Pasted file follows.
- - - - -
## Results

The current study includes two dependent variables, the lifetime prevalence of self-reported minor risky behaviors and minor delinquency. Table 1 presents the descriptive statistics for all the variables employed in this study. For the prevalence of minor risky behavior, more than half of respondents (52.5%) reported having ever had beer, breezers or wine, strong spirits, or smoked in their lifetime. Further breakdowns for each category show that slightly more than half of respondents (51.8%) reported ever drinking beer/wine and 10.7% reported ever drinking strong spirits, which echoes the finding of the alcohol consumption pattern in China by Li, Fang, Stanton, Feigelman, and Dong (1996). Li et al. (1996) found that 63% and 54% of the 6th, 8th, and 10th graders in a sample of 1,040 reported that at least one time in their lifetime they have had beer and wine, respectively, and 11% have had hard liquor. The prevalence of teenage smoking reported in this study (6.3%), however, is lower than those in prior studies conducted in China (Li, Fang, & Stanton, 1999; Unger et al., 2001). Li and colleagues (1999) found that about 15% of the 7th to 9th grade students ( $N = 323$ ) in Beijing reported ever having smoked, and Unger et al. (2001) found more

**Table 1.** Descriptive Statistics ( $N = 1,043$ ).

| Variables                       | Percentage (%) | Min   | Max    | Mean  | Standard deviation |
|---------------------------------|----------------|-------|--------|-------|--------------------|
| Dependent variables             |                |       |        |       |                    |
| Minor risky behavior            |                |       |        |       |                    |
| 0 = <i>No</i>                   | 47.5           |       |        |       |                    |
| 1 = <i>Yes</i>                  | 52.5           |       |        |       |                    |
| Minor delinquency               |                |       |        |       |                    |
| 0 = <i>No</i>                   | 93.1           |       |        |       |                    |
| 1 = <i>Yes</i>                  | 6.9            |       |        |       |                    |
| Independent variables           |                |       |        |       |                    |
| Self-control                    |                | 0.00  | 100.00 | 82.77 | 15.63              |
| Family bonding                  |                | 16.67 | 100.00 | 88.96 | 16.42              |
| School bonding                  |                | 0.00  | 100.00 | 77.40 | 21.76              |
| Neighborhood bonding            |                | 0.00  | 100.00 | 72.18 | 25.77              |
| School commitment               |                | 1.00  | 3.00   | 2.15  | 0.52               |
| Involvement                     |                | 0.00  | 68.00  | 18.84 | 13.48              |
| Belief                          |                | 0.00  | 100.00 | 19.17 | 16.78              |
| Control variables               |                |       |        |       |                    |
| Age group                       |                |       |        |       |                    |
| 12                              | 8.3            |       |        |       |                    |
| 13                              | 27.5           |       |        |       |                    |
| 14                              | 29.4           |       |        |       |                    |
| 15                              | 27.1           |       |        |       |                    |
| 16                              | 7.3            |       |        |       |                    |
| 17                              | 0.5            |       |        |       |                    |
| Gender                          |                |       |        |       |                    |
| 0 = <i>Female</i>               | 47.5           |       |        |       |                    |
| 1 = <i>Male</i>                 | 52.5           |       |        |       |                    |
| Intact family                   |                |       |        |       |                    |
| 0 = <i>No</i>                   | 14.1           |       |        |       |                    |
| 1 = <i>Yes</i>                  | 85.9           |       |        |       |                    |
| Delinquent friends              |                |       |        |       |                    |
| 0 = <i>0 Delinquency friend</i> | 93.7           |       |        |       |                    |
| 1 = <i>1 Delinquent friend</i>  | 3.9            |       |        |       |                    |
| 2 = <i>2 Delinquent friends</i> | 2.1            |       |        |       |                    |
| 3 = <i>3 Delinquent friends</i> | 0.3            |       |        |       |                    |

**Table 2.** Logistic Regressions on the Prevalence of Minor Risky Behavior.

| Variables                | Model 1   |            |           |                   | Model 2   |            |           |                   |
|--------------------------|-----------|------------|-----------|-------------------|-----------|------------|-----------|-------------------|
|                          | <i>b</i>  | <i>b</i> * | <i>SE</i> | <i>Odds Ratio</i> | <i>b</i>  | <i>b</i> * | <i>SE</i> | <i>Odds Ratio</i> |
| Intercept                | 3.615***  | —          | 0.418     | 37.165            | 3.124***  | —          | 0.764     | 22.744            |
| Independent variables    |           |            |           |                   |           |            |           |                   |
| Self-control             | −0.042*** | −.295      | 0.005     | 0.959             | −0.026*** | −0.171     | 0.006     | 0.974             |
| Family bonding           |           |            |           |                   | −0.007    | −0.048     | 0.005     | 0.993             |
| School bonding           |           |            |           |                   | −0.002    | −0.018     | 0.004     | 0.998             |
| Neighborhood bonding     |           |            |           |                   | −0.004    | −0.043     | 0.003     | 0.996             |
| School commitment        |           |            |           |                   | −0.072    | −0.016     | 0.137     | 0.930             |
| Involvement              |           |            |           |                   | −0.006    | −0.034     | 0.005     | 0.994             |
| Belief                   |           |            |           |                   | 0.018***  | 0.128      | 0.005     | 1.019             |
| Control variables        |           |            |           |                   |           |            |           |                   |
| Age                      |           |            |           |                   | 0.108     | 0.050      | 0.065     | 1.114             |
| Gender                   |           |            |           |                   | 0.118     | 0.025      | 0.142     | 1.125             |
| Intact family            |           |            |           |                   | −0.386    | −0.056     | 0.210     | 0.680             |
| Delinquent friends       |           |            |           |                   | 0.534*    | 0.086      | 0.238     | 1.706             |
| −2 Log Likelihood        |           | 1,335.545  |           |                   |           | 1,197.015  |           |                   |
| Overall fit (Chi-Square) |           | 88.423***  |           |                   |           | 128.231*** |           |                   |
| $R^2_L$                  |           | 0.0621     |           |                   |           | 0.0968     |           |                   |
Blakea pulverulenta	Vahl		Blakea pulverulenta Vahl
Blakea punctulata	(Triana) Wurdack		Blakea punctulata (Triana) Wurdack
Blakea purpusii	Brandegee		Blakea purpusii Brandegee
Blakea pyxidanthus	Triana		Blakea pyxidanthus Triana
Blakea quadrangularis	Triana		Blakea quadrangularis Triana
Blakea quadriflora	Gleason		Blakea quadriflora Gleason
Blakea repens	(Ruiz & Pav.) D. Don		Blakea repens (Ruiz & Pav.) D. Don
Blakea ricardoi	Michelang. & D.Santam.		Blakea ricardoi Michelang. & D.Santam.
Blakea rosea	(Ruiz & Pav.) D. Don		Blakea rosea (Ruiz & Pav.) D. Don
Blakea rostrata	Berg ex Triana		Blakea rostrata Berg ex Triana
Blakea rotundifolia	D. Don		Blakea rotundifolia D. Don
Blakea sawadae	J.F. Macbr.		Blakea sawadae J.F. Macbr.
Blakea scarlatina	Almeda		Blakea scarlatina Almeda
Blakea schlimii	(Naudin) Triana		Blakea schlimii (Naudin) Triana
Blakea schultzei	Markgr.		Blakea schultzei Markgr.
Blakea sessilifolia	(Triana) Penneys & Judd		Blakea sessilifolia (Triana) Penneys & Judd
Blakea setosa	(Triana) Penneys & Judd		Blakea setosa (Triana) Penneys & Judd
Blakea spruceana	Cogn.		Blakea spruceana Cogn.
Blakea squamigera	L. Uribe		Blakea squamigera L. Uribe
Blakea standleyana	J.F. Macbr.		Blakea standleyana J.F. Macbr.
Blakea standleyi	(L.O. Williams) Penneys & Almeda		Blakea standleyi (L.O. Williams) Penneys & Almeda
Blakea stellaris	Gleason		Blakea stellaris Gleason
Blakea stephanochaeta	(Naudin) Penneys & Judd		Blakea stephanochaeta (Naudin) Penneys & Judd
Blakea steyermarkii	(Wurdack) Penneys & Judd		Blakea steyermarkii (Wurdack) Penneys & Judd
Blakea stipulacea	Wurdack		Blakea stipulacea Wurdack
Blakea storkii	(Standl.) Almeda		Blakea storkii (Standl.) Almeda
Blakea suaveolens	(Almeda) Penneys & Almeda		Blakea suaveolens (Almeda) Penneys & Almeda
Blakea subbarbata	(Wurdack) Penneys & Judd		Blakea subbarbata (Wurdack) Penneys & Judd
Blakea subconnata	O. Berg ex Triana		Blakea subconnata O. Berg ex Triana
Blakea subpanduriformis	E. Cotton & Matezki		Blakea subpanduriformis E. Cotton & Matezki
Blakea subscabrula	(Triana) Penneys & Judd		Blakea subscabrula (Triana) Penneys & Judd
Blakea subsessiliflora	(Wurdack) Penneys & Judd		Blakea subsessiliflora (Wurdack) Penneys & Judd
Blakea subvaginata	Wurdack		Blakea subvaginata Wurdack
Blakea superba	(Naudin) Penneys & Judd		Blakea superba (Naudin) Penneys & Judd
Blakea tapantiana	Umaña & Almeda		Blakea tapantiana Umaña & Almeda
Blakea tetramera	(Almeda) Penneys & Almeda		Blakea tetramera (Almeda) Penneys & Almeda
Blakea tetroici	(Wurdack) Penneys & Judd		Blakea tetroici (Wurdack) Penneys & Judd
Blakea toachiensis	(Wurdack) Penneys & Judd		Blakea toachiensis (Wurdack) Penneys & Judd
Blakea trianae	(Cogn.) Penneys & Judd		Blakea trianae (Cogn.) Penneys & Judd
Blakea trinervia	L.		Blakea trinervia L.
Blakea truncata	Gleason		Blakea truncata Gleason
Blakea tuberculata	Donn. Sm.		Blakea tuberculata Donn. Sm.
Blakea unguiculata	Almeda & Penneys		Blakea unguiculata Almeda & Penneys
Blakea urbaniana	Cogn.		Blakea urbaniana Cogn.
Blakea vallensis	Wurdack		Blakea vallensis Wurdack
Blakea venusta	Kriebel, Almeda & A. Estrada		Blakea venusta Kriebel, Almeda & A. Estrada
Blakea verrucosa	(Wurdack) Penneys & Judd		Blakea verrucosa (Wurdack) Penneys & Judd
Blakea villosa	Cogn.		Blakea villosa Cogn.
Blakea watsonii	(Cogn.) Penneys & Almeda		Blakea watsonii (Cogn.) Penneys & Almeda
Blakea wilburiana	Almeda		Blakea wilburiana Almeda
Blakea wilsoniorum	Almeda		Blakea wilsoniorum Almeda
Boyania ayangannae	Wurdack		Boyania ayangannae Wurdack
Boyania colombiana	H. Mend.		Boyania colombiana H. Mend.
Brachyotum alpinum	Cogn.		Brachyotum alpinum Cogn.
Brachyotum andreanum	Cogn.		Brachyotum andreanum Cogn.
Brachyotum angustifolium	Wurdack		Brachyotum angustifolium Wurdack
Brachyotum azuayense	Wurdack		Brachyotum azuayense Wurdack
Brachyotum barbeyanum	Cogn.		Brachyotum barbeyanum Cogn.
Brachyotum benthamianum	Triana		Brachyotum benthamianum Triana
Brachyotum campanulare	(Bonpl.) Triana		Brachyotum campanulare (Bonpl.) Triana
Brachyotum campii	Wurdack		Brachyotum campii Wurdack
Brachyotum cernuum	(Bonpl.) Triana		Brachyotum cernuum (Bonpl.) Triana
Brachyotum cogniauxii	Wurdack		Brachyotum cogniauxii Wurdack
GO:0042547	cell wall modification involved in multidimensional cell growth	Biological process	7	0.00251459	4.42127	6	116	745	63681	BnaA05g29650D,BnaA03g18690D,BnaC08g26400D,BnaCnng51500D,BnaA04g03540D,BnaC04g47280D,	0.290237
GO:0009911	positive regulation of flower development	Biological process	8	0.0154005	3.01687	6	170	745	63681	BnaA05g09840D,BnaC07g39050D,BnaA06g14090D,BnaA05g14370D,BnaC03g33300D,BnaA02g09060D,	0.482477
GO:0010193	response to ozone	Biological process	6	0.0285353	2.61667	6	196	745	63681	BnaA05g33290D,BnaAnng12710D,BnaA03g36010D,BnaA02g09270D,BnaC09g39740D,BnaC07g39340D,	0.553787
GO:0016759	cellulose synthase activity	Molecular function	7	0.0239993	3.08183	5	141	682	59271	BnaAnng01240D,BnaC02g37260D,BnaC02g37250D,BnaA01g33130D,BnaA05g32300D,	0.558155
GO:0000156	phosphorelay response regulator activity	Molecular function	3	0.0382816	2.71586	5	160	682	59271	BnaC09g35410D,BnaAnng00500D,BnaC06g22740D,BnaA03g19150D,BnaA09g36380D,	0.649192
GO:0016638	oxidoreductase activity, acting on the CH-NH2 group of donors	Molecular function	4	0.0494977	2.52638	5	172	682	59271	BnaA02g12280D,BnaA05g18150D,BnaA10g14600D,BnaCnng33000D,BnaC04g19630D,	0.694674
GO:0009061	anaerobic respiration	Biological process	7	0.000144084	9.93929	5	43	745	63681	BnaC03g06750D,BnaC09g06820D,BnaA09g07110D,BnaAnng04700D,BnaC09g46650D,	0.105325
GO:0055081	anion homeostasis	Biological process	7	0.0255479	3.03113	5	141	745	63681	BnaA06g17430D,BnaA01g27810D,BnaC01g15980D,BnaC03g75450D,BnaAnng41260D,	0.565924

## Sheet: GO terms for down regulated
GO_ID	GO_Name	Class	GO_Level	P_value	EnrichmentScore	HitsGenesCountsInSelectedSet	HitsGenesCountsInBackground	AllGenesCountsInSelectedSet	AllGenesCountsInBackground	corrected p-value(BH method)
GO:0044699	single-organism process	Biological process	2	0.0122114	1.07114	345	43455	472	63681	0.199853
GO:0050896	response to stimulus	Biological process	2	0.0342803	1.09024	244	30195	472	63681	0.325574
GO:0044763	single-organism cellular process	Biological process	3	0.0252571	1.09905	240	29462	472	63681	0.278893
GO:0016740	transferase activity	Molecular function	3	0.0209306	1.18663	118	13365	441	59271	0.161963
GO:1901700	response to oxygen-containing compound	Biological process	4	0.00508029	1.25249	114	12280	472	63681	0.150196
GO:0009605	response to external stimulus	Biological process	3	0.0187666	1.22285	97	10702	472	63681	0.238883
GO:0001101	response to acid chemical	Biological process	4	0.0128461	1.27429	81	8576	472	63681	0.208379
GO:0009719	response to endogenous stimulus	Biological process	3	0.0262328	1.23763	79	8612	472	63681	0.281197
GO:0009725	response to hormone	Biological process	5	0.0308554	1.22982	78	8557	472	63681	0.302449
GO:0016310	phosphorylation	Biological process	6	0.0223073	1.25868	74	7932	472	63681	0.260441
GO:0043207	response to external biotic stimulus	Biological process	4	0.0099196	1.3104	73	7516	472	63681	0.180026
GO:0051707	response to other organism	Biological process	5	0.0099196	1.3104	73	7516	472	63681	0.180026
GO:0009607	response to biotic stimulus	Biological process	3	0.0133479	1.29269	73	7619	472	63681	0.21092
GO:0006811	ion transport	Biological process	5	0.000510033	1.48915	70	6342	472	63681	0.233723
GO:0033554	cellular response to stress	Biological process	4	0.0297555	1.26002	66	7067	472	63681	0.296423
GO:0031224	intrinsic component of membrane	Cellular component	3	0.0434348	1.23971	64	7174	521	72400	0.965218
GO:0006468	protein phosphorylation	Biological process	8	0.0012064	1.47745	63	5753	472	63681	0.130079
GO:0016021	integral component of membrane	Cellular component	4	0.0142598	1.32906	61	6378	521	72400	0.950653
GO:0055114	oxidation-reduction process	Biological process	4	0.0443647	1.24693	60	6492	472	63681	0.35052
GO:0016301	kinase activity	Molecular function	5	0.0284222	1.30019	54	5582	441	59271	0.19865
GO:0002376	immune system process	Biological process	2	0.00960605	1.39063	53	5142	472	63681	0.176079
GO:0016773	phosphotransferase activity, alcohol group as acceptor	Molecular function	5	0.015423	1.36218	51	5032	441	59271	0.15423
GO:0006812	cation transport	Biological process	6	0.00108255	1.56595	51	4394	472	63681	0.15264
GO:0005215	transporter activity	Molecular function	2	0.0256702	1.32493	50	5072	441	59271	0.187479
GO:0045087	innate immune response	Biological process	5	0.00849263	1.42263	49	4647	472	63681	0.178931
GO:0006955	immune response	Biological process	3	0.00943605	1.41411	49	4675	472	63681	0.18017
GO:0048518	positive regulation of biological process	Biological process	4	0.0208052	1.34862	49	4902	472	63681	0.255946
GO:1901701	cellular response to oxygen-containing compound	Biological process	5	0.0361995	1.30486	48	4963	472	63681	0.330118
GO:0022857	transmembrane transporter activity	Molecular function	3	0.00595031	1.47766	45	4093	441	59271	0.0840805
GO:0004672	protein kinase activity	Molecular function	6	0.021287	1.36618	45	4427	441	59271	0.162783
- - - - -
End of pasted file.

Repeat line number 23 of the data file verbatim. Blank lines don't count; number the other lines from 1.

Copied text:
| 12                              | 8.3            |       |        |       |                    |